In IRS Health Care Tax Tip 2016-26, March 2, 2016, the IRS discuss the filing of health coverage information returns. Here is what the IRS says:
If you are a health coverage provider or an employer of a certain size, the health care law requires you to prepare new information returns starting for 2015. If you are a health coverage provider, the returns provide information about the health coverage you provided for individuals. If you are an employer of a certain size, the returns provide information about the coverage you offered -or did not offer- to your full-time employees. You must report the information to the relevant individuals and the IRS.
The reporting requirements for health coverage providers and applicable large employers are new. There are new IRS forms that health coverage providers and applicable large employers will use to complete this reporting. The first information reporting returns are due in 2016 for coverage in 2015. Coverage providers – other than self-insured applicable large employers – file Form 1095-B, Health Coverage. Applicable large employers file Form 1095-C, Employer-Provided Health Insurance Offer and Coverage. If you file either of these forms with the IRS, you must also file the associated transmittal form. Use Form 1094-B, Transmittal of Health Coverage Information Returns, or, Form 1094-C, Transmittal of Employer-Provided Health Insurance Offer and Coverage Information Returns.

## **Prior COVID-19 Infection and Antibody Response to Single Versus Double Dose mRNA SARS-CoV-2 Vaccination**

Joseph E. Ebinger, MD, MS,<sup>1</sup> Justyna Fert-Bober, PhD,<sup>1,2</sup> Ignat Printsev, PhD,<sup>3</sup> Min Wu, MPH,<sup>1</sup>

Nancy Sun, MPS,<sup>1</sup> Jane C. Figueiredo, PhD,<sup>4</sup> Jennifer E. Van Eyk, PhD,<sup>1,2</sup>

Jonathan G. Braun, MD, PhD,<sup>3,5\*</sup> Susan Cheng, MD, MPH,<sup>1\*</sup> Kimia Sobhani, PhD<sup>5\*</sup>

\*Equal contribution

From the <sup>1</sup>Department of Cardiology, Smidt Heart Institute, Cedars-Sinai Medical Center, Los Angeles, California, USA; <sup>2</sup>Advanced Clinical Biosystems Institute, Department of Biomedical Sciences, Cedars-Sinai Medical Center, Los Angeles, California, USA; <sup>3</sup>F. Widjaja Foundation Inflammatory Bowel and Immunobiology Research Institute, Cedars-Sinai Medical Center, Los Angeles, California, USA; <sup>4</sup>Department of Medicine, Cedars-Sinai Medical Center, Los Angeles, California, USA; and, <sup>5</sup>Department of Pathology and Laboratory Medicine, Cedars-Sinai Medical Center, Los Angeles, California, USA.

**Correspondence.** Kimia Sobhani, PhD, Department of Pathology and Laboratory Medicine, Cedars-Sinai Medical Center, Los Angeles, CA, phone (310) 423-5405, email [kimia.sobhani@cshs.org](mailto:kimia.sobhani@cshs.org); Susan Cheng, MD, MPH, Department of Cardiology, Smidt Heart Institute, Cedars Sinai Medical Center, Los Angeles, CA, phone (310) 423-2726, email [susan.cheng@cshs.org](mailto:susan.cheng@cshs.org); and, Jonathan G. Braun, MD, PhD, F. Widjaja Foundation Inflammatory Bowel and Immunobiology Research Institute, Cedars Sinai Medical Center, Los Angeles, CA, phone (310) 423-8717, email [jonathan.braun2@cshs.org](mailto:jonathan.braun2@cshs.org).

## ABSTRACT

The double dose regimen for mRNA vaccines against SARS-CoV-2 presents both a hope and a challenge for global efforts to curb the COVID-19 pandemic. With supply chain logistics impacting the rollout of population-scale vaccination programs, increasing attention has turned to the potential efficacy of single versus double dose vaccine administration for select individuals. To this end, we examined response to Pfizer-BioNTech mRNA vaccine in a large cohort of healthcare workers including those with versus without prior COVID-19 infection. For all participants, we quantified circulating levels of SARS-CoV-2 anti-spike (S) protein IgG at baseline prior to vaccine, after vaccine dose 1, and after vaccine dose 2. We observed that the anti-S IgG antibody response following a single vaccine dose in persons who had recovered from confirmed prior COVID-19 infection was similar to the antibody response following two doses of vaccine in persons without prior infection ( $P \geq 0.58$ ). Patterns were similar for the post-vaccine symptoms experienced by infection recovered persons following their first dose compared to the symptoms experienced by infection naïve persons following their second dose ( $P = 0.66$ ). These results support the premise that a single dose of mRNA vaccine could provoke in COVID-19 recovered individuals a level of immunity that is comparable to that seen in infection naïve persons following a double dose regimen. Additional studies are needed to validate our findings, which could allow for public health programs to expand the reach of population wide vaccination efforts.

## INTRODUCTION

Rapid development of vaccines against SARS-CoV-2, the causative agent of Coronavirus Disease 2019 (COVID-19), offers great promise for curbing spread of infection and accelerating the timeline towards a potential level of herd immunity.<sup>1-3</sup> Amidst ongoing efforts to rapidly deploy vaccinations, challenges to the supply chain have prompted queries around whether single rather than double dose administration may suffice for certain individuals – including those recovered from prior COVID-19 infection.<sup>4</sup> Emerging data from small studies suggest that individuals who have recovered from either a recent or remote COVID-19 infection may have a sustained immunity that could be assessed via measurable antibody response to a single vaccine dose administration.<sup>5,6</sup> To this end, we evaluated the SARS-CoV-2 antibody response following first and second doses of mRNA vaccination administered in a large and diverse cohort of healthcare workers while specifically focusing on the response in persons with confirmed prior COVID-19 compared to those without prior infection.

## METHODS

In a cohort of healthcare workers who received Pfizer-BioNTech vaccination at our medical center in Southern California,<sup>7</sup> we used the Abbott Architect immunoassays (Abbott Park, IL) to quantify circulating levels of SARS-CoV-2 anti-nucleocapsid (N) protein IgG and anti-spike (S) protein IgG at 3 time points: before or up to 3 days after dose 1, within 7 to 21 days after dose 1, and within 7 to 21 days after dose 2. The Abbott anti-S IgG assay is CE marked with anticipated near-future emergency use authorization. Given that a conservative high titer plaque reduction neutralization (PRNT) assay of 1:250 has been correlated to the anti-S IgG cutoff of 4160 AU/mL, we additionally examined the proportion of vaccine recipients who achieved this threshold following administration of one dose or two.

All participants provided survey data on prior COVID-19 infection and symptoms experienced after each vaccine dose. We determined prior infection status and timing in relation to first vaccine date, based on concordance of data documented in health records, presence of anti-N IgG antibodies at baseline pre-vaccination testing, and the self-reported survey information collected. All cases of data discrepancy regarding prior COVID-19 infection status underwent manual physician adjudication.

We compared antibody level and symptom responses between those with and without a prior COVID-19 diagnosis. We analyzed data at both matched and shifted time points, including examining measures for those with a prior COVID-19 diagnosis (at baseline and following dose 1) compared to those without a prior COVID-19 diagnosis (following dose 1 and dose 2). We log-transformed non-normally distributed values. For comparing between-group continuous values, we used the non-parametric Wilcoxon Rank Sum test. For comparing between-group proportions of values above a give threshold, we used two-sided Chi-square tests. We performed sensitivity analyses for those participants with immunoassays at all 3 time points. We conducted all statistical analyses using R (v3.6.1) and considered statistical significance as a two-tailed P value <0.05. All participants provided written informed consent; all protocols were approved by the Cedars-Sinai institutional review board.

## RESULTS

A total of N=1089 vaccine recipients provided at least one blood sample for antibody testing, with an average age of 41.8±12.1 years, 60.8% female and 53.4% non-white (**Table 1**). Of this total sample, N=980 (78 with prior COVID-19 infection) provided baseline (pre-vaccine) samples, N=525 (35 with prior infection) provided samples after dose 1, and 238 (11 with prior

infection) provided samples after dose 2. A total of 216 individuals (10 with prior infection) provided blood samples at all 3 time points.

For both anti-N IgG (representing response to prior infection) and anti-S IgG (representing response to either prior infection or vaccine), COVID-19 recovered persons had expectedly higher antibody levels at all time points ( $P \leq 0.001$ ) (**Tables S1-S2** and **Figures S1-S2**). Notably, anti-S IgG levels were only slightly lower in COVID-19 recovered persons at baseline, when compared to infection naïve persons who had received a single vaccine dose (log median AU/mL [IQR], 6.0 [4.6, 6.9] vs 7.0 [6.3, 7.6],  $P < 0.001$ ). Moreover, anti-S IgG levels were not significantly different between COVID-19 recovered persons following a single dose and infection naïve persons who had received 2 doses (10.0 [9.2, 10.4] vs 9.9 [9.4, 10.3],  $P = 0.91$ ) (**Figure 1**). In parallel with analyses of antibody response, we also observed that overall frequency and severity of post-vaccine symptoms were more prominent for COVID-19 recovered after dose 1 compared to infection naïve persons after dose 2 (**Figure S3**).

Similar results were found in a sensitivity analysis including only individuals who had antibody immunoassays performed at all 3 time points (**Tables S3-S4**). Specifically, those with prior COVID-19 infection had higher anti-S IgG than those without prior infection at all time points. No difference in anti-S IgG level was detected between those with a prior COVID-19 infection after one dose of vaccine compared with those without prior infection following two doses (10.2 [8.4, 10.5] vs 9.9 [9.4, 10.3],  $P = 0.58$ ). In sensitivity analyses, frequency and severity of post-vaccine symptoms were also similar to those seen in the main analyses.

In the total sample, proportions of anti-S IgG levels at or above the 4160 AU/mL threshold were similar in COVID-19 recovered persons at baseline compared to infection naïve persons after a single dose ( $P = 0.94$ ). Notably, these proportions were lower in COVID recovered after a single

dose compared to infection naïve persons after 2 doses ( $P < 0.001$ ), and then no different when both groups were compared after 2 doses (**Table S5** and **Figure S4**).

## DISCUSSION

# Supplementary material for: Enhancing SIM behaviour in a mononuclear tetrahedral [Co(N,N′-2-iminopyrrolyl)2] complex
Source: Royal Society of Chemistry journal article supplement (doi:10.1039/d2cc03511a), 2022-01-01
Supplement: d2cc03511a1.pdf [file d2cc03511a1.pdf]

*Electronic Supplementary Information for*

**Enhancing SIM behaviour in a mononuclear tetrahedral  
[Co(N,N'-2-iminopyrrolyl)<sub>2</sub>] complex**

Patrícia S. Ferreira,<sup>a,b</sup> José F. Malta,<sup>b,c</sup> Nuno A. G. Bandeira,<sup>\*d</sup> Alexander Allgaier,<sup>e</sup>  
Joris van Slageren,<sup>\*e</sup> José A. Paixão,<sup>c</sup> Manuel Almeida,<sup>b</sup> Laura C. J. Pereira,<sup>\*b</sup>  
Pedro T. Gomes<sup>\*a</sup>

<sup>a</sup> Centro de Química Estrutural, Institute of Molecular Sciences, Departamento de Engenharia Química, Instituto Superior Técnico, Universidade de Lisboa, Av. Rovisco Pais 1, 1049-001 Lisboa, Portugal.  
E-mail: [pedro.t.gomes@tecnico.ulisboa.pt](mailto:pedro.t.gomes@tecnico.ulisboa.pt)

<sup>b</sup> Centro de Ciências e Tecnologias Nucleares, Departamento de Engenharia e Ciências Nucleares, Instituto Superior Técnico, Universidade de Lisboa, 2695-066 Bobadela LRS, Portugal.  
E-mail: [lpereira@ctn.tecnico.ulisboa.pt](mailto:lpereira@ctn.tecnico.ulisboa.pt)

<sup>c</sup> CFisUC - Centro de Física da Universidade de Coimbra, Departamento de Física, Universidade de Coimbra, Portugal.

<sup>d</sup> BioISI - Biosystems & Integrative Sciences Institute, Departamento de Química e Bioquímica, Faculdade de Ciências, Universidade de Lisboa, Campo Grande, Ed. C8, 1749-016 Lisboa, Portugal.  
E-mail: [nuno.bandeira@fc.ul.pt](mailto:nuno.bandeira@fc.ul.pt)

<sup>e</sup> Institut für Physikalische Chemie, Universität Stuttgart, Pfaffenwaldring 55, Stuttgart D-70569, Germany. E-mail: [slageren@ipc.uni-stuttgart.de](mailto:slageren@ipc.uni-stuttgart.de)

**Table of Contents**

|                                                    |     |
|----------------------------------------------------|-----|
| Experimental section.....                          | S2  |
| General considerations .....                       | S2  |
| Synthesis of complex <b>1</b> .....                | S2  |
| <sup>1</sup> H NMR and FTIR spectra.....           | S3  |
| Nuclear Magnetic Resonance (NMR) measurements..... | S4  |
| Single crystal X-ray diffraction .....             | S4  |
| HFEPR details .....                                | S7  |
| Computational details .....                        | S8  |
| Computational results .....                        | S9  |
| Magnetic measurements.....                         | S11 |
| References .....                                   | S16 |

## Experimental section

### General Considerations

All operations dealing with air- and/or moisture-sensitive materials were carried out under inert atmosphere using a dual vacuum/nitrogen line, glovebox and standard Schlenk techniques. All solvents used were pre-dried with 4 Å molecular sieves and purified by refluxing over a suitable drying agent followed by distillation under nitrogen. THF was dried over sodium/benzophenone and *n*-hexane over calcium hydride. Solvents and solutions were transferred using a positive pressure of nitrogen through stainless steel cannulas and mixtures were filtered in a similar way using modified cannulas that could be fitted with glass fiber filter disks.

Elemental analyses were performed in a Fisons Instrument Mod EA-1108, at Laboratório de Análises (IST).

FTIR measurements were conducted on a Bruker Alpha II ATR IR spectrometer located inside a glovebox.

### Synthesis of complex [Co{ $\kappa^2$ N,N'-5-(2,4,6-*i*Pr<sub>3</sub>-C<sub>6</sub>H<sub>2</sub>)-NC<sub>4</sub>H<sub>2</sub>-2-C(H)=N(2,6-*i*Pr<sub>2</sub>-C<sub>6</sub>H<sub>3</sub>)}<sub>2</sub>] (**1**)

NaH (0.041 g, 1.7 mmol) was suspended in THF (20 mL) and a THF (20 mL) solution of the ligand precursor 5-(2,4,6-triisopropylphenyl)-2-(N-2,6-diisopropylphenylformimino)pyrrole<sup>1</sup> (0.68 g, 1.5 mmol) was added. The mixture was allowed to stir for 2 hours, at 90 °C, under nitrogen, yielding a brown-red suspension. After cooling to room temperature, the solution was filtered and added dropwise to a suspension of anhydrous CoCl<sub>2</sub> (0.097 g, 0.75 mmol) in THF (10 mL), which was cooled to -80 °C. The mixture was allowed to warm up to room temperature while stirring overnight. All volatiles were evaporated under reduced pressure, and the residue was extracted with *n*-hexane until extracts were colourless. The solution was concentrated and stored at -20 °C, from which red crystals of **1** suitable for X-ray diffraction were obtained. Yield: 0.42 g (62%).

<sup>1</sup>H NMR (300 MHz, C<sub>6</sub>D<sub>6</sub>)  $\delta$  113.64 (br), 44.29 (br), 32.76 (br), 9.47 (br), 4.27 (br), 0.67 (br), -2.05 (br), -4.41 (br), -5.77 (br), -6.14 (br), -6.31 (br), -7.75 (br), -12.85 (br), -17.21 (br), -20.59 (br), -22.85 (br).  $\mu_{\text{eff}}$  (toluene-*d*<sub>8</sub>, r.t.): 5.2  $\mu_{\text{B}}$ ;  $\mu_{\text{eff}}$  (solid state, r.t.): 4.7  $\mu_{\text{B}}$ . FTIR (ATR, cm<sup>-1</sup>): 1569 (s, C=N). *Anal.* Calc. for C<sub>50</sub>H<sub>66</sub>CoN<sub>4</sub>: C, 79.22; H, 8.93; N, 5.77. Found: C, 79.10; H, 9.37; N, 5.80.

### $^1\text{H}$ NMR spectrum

In general, the health care law requires individuals in the United States to have qualifying health care coverage – also called minimum essential coverage – qualify for an exemption, or make a payment when they file their federal income tax returns. Providers of minimum essential coverage, including all employers who offer self-insured health plans, are required to report information to individuals and the IRS about the coverage they provided to enrollees.
Employers with 50 or more full-time employees, including full-time equivalent employees, are called applicable large employers. These employers may choose to either offer minimum essential coverage that is affordable and that provides minimum value to their full-time employees – and offer minimum essential coverage to the full-time employees’ dependents – or potentially make an employer shared responsibility payment to the IRS. Applicable large employers are required to report information to full-time employees and the IRS about the coverage they offered or did not offer to their full-time employees.